Prior to the Food and Drug Administration (FDA) approval of ibrutinib for CLL in 2014, chemoimmunotherapy (CIT), typically with fludarabine, cyclophosphamide and rituximab (FCR), was one of the only treatment options available for people with CLL. Chemoimmunotherapy often generates deep responses that last a median of five to six years, but it is associated with significant toxicities. When patients relapse after CIT, their disease becomes more resistant to subsequent treatments, and due to the accumulation of toxicities, many patients are unable to receive further CIT. Given the associated toxicities, the use of CIT is limited in older patients with comorbidities – the cohort that comprises the majority of CLL patients.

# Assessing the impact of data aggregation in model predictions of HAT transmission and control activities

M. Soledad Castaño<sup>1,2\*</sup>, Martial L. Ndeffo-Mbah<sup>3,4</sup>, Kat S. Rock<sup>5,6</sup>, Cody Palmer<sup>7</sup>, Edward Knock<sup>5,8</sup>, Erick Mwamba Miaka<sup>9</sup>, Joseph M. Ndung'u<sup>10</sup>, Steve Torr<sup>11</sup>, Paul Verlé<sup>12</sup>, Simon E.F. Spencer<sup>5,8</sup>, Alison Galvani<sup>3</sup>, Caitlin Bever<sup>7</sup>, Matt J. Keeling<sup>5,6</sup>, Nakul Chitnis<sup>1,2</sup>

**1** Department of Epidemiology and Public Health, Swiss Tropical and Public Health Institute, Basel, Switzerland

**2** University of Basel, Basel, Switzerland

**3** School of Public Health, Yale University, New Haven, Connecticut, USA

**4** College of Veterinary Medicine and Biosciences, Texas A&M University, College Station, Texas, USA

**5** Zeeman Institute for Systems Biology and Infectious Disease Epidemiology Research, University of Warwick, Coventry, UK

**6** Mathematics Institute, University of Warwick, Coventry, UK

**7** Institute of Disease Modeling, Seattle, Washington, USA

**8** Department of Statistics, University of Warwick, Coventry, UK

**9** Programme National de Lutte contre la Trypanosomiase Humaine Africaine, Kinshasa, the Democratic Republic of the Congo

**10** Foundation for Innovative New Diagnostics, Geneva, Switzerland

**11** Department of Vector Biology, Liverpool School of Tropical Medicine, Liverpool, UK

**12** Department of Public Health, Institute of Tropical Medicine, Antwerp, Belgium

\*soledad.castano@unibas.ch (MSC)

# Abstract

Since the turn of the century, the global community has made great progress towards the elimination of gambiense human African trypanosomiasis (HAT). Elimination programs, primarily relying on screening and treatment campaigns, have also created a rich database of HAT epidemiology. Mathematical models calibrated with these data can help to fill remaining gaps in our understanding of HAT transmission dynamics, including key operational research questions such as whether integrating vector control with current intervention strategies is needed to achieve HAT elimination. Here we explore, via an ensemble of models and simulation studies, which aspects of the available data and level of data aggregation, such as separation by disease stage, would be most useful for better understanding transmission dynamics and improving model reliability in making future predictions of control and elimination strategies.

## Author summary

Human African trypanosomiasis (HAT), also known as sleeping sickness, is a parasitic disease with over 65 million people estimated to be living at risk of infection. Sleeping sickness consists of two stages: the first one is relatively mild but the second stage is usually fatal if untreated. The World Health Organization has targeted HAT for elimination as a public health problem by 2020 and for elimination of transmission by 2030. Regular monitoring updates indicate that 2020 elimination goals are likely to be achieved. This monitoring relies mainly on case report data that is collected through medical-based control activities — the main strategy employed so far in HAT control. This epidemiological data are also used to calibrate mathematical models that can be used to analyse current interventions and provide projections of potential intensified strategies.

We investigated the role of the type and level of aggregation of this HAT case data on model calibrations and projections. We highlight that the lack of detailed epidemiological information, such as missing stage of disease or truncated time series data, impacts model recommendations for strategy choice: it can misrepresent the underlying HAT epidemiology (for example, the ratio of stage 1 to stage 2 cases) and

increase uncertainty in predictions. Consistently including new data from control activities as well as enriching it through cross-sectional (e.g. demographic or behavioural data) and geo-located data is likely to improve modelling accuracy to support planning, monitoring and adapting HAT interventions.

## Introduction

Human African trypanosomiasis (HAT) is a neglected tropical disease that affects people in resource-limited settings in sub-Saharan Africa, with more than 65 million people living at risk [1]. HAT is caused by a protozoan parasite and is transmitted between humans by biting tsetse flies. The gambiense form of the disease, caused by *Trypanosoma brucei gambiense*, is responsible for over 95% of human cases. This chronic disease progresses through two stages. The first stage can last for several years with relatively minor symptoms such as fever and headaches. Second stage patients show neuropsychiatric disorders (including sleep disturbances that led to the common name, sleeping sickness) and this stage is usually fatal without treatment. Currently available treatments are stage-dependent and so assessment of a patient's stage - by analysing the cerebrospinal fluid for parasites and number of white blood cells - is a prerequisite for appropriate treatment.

The phase II study in which Dr. Furman was involved tested ibrutinib as a single agent in over 100 patients – some of whom received no prior therapy, and others who relapsed following initial treatment. Patients received daily oral doses of ibrutinib until their disease progressed or until the presence of side-effects warranted discontinuation of therapy.

Almost 90 percent of all patient participants demonstrated a response to treatment at the five-year mark, and complete remission rates increased over time with ongoing treatment. Ninety-two percent of treatment-naive patients and 44 percent of relapsed/refractory patients remained free of disease progression five years out from the start of treatment.

Side-effects, including infections, diarrhea, bleeding and low-blood counts, were mild. They did not prevent patients from remaining on treatment long-term and often improved with continued dosing.

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Dr. Richard Furman, M.D.

“These data demonstrate the excellent long-term outcomes for CLL patients treated with ibrutinib, especially those who receive ibrutinib as their first therapy,” says Dr. Furman.